Puget Lowland Ecoregion: Chapter 2 in Status and trends of land change in the Western United States--1973 to 2000

Professional Paper 1794-A-2

This publication is Chapter 2 in Status and trends of land change in the Western United States--1973 to 2000, which is Volume A in Status and trends of land change in the United States--1973 to 2000, PP 1794. Volume A consists of 30 chapters. For access to other chapters, please visit PP 1794-A.



The Puget Lowland Ecoregion covers an area of approximately 18,009 km² (6,953 mi²) within northwestern Washington (fig. 1) (Omernik, 1987; U.S. Environmental Protection Agency, 1997). The ecoregion is located between the Coast Range Ecoregion to the west, which includes the Olympic Mountains, and the North Cascades and the Cascades Ecoregions to the east, which include the Cascade Range. From the north, the ecoregion follows the Interstate 5 corridor, from the Canadian border south through Bellingham, Seattle, Olympia, and Longview, Washington, to the northern border of the Willamette Valley Ecoregion. The Puget Lowland Ecoregion borders the shoreline of the greater Puget Sound, a complex bay and saltwater estuary fed by spring freshwater runoff from the Olympic Mountains and Cascade Range watersheds. The ecoregion is situated in a continental glacial trough that has many islands, peninsulas, and bays. Relief is moderate, with elevations ranging from sea level to 460 m but averaging approximately 150 m (DellaSala and others, 2001). Proximity to the Pacific Ocean gives the Puget Lowland Ecoregion its mild maritime climate (U.S. Environmental Protection Agency, 1999). Mean annual temperature is 10.5°C, with an average of 4.1°C in January and 17.7°C in July (Guttman and Quayle, 1996). Average annual precipitation ranges from 800 to 900 mm, but some areas in the rain shadow of the Olympic Mountains receive as little as 460 mm (DellaSala and others, 2001). Varying annual average precipitation greatly influences vegetation and soil type in the ecoregion. In the Puget Lowland Ecoregion, soils are dominated by Inceptisols in the north and Ultisols in the south (Jones, 2003). Before European settlement, most of the ecoregion was covered by coniferous forests, with species composition dependent on local climate (U.S. Environmental Protection Agency, 1999). The World Wildlife Fund places the Puget Lowland Ecoregion in the Western Hemlock Vegetation Zone. Although this vegetation zone is named after the western hemlock (Tsuga heterophylla), Douglas-fir (Pseudotsuga menziesii) is the dominant tree species. Seattle, which had an estimated population of 563,376 in 2000, is the largest city in the Puget Lowland Ecoregion (Puget Sound Regional Council, 2001). The greater Seattle metropolitan area, comprising Seattle, Tacoma, Bellevue, and Bremerton, had an estimated population of 3.5 million people in 2000 (U.S. Census Bureau, 2000). Other sizable cities in the ecoregion include the state capital Olympia, as well as Tacoma, Bellingham, and Everett, Washington. The center of the Puget Lowland Ecoregion is dominated by the Seattle metropolitan area and developed land cover, whereas agriculture occurs mainly on river floodplains in the north and south. The remainder of the ecoregion area is dominated by forest land cover (fig. 1).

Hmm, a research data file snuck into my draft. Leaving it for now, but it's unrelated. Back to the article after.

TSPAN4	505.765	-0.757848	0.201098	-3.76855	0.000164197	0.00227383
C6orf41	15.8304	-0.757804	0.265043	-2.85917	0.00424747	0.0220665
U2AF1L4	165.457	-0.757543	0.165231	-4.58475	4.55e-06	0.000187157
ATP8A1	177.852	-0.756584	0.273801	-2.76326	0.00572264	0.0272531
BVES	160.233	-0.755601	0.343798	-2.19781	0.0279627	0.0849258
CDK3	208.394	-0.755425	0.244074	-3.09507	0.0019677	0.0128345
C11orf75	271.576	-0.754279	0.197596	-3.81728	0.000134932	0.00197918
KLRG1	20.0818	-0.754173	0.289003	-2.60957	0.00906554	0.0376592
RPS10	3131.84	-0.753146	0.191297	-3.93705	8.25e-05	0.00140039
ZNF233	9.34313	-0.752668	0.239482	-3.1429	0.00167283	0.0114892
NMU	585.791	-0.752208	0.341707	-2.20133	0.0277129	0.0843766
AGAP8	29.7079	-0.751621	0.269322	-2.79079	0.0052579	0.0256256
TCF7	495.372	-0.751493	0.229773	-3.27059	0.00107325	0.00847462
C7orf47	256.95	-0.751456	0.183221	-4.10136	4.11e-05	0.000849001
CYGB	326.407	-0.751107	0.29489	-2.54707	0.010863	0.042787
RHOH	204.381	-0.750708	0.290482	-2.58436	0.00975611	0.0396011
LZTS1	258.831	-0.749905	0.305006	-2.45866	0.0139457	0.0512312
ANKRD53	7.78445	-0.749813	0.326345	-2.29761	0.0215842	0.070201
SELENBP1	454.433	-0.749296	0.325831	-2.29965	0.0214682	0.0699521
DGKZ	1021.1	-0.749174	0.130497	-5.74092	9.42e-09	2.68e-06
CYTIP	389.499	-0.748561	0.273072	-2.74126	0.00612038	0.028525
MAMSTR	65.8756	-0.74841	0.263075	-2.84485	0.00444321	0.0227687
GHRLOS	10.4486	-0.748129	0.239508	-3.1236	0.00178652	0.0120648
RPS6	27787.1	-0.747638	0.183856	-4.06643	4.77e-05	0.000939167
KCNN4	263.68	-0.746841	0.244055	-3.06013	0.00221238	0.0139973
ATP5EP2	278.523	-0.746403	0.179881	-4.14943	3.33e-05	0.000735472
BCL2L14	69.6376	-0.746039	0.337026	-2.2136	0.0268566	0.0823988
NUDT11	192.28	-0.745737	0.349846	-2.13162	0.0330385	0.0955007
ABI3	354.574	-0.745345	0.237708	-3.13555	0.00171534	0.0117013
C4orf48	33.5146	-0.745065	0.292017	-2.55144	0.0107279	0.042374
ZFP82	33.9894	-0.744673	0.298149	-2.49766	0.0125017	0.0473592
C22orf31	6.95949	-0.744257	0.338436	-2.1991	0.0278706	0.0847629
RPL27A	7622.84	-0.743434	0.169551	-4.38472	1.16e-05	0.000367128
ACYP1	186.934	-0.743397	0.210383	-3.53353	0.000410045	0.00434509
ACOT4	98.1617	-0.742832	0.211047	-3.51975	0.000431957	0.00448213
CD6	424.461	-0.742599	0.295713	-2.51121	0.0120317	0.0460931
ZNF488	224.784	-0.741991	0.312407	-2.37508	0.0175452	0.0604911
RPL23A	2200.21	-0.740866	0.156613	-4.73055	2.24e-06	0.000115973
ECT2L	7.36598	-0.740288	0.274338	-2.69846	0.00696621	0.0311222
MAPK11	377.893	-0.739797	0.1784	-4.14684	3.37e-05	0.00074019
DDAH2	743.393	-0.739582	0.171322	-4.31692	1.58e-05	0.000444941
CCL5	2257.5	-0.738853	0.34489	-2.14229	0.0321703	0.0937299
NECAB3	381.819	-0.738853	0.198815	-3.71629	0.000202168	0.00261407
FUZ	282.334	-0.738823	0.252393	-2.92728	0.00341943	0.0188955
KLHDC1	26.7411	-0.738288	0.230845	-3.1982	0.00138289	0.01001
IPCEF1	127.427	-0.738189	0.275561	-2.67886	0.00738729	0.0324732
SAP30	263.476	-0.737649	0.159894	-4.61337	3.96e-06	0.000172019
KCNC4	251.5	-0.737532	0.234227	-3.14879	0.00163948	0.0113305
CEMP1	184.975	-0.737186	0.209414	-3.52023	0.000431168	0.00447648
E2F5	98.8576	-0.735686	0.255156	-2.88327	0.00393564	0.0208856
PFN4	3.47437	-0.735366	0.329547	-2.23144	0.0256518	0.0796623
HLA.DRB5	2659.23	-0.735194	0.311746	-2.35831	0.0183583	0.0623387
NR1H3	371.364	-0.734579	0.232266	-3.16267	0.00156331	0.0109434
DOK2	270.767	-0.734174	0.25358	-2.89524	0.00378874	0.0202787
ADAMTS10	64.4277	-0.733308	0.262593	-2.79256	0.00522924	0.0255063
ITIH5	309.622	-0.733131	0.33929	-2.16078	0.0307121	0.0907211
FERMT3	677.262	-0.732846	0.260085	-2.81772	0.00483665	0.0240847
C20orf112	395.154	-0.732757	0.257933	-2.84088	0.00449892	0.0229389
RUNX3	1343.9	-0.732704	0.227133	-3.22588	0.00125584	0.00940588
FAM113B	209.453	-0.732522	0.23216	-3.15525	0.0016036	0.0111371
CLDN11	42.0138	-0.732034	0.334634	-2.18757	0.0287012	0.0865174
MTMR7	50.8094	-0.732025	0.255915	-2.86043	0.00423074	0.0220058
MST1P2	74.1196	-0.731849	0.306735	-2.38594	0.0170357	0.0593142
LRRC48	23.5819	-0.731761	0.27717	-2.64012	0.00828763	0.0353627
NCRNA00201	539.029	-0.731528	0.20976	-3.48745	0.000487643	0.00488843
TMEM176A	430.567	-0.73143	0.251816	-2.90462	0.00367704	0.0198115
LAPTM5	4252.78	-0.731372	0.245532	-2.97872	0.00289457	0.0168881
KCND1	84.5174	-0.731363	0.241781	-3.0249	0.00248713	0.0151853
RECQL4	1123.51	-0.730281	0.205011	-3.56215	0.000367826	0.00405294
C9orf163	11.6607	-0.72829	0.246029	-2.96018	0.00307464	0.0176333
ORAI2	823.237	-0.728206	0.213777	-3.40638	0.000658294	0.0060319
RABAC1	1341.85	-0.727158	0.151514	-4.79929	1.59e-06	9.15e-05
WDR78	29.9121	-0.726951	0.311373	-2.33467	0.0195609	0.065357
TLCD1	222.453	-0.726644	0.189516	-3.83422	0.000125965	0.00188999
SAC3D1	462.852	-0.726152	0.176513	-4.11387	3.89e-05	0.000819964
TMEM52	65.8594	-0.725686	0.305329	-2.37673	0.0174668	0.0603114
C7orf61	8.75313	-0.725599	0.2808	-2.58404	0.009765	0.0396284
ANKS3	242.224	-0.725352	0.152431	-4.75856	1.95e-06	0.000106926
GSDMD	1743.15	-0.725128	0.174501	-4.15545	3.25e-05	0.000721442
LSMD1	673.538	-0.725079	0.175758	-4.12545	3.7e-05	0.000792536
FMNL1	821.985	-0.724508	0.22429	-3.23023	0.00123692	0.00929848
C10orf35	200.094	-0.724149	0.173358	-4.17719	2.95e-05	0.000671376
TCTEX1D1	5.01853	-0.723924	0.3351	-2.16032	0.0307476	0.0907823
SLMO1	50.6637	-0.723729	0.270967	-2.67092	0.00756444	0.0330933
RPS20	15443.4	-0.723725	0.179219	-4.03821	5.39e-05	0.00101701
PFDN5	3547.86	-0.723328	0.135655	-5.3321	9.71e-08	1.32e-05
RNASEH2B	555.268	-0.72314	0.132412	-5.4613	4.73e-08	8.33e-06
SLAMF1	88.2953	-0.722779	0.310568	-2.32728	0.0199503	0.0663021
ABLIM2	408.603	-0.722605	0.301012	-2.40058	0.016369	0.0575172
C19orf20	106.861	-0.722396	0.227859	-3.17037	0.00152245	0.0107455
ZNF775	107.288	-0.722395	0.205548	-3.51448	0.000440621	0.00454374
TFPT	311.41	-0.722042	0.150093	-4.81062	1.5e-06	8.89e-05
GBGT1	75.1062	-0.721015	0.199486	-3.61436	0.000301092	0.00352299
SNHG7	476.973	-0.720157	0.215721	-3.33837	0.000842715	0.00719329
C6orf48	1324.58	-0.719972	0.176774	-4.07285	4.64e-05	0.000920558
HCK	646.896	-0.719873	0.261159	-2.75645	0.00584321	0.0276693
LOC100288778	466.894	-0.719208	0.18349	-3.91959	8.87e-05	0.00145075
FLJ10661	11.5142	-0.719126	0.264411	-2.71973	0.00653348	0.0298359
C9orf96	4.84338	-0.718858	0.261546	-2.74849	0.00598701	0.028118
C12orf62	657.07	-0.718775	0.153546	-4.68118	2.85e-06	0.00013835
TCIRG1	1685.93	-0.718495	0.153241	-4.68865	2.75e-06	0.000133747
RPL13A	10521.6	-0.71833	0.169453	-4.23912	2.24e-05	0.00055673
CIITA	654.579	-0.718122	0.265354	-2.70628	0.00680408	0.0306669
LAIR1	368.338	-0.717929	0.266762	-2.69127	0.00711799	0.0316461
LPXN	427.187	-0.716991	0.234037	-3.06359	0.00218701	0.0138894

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Puget Lowland Ecoregion: Chapter 2 in Status and trends of land change in the Western United States--1973 to 2000
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Professional Paper
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U.S. Geological Survey
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Reston, VA
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Western Geographic Science Center
Chapter 2: 8 p.
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United States
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